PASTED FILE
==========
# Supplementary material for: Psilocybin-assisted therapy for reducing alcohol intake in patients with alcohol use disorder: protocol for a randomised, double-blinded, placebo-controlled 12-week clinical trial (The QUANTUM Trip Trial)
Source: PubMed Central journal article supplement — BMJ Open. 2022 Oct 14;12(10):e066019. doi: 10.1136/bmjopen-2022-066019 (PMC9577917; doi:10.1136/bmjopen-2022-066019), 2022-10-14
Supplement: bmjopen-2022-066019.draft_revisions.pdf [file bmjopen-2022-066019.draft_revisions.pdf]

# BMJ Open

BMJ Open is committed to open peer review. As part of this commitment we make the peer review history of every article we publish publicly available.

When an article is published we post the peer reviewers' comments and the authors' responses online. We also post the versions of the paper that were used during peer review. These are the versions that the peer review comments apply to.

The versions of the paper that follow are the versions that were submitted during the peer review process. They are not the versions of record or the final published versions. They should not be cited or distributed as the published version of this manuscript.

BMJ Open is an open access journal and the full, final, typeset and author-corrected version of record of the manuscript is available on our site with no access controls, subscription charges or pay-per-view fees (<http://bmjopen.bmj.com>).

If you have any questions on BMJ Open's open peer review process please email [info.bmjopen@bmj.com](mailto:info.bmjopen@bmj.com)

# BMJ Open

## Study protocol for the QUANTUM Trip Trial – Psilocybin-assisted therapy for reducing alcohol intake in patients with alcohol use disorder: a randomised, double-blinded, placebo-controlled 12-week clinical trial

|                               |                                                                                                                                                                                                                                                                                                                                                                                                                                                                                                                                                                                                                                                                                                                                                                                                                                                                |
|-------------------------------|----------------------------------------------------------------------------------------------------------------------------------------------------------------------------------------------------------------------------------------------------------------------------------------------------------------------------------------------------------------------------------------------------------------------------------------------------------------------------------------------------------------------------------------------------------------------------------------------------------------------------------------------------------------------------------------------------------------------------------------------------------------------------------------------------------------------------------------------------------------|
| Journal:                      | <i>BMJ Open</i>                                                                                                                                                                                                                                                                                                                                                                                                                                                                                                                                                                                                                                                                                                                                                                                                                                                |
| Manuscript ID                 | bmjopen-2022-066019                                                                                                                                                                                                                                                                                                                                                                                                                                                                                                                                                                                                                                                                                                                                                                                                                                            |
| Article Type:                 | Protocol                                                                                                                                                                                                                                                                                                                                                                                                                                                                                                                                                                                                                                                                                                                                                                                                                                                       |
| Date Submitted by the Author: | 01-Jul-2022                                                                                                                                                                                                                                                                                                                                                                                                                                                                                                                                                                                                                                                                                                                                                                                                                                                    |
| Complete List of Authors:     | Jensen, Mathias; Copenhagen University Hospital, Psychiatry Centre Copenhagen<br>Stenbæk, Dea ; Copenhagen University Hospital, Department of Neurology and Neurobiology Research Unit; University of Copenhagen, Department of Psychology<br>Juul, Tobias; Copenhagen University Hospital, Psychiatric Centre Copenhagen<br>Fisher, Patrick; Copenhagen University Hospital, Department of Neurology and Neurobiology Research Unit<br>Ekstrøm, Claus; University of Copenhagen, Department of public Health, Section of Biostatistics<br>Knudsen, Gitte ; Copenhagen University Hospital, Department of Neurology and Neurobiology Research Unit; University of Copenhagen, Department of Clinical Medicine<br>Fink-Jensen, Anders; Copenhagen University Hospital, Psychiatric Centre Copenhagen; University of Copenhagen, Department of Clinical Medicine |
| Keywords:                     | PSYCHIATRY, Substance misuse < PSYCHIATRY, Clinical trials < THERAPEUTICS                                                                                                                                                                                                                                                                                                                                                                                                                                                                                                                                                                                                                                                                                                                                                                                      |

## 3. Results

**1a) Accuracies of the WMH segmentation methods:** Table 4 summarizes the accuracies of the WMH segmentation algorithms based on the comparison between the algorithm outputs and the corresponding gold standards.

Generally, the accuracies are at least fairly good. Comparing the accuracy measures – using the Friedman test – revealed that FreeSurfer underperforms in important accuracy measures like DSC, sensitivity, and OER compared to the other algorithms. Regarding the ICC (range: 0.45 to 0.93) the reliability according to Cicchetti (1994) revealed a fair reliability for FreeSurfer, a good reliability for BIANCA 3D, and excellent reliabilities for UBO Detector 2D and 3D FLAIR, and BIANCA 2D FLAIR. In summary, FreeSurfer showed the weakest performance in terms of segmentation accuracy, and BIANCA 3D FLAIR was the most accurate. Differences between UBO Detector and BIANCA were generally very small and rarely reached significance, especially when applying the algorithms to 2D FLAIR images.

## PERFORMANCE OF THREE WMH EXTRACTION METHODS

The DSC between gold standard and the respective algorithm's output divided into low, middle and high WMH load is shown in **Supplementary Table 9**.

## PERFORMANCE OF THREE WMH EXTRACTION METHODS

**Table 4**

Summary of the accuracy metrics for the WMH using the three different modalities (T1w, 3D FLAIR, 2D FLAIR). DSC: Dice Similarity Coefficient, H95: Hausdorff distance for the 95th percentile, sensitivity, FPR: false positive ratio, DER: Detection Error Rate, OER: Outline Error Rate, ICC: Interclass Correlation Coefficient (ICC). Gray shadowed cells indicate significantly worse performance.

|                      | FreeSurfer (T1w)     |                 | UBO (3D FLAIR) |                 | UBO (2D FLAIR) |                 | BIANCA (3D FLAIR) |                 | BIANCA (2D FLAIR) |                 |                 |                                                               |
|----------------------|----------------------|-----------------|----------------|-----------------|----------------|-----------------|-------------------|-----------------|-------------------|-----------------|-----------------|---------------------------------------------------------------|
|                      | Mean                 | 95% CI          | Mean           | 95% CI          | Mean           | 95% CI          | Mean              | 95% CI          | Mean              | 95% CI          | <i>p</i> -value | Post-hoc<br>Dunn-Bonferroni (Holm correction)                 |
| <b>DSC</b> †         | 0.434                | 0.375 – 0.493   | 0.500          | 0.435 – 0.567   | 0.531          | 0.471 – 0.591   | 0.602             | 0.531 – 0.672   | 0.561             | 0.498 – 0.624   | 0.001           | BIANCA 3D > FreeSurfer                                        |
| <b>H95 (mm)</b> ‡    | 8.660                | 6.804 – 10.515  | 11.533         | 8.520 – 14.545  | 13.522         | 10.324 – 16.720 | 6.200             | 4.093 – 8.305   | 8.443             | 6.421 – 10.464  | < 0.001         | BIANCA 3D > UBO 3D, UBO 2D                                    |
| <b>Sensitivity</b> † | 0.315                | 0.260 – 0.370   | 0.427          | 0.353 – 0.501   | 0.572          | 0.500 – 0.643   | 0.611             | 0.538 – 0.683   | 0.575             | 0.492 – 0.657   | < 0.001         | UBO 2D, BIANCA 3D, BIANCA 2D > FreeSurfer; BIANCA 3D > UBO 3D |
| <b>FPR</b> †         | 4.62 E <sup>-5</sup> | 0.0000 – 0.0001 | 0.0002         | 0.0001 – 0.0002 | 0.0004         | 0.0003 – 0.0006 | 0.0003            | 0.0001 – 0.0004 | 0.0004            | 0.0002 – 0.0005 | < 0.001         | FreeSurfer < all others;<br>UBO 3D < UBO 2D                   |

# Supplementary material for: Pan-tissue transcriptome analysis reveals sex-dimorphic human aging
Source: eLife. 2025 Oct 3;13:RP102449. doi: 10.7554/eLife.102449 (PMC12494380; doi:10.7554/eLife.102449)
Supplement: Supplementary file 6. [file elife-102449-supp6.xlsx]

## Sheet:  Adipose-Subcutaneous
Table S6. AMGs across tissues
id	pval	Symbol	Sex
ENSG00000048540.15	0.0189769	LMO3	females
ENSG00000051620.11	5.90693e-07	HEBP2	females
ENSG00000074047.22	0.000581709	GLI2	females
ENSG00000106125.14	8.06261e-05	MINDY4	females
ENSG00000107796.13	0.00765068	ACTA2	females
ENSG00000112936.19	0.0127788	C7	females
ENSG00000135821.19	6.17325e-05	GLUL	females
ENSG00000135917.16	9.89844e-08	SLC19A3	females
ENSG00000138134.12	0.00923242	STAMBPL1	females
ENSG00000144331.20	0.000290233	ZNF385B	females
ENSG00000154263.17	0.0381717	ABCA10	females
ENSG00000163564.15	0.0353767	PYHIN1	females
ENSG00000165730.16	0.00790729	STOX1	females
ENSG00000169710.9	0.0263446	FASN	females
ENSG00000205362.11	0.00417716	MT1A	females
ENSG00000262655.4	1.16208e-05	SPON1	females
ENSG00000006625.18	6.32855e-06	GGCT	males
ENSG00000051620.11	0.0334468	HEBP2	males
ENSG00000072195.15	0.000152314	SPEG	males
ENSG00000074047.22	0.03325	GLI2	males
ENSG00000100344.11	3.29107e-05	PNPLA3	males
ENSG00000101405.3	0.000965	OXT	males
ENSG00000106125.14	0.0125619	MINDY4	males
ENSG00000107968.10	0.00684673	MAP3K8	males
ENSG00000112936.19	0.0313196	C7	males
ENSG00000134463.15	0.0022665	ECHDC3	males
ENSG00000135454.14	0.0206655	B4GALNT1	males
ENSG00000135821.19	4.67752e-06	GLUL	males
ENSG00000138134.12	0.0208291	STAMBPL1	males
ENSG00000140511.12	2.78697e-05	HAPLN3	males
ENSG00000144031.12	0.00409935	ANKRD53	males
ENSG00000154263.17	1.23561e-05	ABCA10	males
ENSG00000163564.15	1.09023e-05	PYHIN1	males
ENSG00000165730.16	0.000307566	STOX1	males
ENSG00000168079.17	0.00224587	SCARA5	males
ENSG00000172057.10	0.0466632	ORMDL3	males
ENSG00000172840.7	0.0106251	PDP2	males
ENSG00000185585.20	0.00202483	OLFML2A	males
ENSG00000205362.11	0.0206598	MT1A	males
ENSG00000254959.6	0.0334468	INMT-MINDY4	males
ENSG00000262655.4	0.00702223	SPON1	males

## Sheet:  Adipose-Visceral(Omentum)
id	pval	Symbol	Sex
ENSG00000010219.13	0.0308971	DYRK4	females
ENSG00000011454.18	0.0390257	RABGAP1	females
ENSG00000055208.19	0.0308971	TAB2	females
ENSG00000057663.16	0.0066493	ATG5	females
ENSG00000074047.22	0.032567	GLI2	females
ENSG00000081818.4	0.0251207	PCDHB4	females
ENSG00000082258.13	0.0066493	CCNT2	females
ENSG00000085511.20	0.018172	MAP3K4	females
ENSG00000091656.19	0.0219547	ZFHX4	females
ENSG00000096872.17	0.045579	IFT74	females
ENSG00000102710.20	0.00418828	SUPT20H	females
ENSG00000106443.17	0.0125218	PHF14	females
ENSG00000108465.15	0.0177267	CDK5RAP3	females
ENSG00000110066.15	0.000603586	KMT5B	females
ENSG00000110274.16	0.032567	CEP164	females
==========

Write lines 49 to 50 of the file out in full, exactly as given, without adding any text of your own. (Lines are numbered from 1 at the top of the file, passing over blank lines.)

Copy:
ENSG00000138134.12	0.00923242	STAMBPL1	females
ENSG00000144331.20	0.000290233	ZNF385B	females